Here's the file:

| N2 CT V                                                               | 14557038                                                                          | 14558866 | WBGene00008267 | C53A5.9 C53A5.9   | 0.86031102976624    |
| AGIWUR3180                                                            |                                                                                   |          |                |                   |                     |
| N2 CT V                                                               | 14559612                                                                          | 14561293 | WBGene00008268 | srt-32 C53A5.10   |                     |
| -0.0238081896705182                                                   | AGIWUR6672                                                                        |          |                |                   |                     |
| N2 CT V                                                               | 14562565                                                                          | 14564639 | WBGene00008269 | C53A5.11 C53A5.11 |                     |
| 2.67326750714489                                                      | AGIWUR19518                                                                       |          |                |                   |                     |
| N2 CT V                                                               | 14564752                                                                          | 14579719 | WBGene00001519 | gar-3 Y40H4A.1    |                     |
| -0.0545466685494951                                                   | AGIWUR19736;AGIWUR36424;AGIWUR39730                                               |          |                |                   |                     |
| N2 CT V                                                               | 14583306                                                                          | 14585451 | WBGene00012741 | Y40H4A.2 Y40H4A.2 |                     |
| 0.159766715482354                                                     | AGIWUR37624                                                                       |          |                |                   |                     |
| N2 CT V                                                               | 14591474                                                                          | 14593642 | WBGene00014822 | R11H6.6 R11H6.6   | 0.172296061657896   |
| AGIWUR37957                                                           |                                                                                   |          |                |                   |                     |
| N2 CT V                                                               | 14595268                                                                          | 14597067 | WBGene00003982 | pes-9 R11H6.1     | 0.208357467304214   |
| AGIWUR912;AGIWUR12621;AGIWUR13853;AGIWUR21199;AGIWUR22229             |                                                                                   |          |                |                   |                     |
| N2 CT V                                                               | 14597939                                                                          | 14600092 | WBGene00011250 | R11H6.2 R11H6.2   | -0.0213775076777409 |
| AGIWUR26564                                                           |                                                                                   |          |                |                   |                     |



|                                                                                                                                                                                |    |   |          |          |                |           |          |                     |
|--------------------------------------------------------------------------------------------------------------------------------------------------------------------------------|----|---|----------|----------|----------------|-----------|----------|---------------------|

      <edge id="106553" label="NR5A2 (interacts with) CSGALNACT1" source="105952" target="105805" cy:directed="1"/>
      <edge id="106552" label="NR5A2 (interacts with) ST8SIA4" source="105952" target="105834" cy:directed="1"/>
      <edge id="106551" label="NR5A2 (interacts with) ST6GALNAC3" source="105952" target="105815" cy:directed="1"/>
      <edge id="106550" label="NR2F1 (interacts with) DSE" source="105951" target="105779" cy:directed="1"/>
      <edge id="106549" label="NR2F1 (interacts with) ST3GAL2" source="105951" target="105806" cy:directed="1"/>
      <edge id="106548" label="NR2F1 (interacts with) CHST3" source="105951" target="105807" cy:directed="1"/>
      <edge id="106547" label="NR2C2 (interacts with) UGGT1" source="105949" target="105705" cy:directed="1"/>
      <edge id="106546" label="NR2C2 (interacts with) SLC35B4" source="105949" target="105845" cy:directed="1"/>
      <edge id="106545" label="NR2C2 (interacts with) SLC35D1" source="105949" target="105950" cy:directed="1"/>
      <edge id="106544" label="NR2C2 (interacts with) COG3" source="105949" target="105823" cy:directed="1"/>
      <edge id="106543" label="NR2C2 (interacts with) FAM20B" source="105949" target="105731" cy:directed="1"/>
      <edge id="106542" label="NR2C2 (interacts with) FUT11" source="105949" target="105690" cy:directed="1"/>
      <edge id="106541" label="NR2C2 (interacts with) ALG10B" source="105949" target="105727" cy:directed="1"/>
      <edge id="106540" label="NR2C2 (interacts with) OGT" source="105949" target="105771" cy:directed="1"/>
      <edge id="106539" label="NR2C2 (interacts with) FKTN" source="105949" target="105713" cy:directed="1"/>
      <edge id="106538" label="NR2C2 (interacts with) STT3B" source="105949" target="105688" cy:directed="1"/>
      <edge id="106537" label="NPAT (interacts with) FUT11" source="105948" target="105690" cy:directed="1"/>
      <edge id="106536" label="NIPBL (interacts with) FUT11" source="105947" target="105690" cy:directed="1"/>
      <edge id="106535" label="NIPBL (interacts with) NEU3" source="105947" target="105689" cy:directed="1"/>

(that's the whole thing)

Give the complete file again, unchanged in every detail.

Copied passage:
| N2 CT V                                                               | 14557038                                                                          | 14558866 | WBGene00008267 | C53A5.9 C53A5.9   | 0.86031102976624    |
| AGIWUR3180                                                            |                                                                                   |          |                |                   |                     |
| N2 CT V                                                               | 14559612                                                                          | 14561293 | WBGene00008268 | srt-32 C53A5.10   |                     |
| -0.0238081896705182                                                   | AGIWUR6672                                                                        |          |                |                   |                     |
| N2 CT V                                                               | 14562565                                                                          | 14564639 | WBGene00008269 | C53A5.11 C53A5.11 |                     |
| 2.67326750714489                                                      | AGIWUR19518                                                                       |          |                |                   |                     |
| N2 CT V                                                               | 14564752                                                                          | 14579719 | WBGene00001519 | gar-3 Y40H4A.1    |                     |
| -0.0545466685494951                                                   | AGIWUR19736;AGIWUR36424;AGIWUR39730                                               |          |                |                   |                     |
| N2 CT V                                                               | 14583306                                                                          | 14585451 | WBGene00012741 | Y40H4A.2 Y40H4A.2 |                     |
| 0.159766715482354                                                     | AGIWUR37624                                                                       |          |                |                   |                     |
| N2 CT V                                                               | 14591474                                                                          | 14593642 | WBGene00014822 | R11H6.6 R11H6.6   | 0.172296061657896   |
| AGIWUR37957                                                           |                                                                                   |          |                |                   |                     |
| N2 CT V                                                               | 14595268                                                                          | 14597067 | WBGene00003982 | pes-9 R11H6.1     | 0.208357467304214   |
| AGIWUR912;AGIWUR12621;AGIWUR13853;AGIWUR21199;AGIWUR22229             |                                                                                   |          |                |                   |                     |
| N2 CT V                                                               | 14597939                                                                          | 14600092 | WBGene00011250 | R11H6.2 R11H6.2   | -0.0213775076777409 |
| AGIWUR26564                                                           |                                                                                   |          |                |                   |                     |



|                                                                                                                                                                                |    |   |          |          |                |           |          |                     |
|--------------------------------------------------------------------------------------------------------------------------------------------------------------------------------|----|---|----------|----------|----------------|-----------|----------|---------------------|

      <edge id="106553" label="NR5A2 (interacts with) CSGALNACT1" source="105952" target="105805" cy:directed="1"/>
      <edge id="106552" label="NR5A2 (interacts with) ST8SIA4" source="105952" target="105834" cy:directed="1"/>
      <edge id="106551" label="NR5A2 (interacts with) ST6GALNAC3" source="105952" target="105815" cy:directed="1"/>
      <edge id="106550" label="NR2F1 (interacts with) DSE" source="105951" target="105779" cy:directed="1"/>
      <edge id="106549" label="NR2F1 (interacts with) ST3GAL2" source="105951" target="105806" cy:directed="1"/>
      <edge id="106548" label="NR2F1 (interacts with) CHST3" source="105951" target="105807" cy:directed="1"/>
      <edge id="106547" label="NR2C2 (interacts with) UGGT1" source="105949" target="105705" cy:directed="1"/>
      <edge id="106546" label="NR2C2 (interacts with) SLC35B4" source="105949" target="105845" cy:directed="1"/>
      <edge id="106545" label="NR2C2 (interacts with) SLC35D1" source="105949" target="105950" cy:directed="1"/>
      <edge id="106544" label="NR2C2 (interacts with) COG3" source="105949" target="105823" cy:directed="1"/>
      <edge id="106543" label="NR2C2 (interacts with) FAM20B" source="105949" target="105731" cy:directed="1"/>
      <edge id="106542" label="NR2C2 (interacts with) FUT11" source="105949" target="105690" cy:directed="1"/>
      <edge id="106541" label="NR2C2 (interacts with) ALG10B" source="105949" target="105727" cy:directed="1"/>
      <edge id="106540" label="NR2C2 (interacts with) OGT" source="105949" target="105771" cy:directed="1"/>
      <edge id="106539" label="NR2C2 (interacts with) FKTN" source="105949" target="105713" cy:directed="1"/>
      <edge id="106538" label="NR2C2 (interacts with) STT3B" source="105949" target="105688" cy:directed="1"/>
      <edge id="106537" label="NPAT (interacts with) FUT11" source="105948" target="105690" cy:directed="1"/>
      <edge id="106536" label="NIPBL (interacts with) FUT11" source="105947" target="105690" cy:directed="1"/>
      <edge id="106535" label="NIPBL (interacts with) NEU3" source="105947" target="105689" cy:directed="1"/>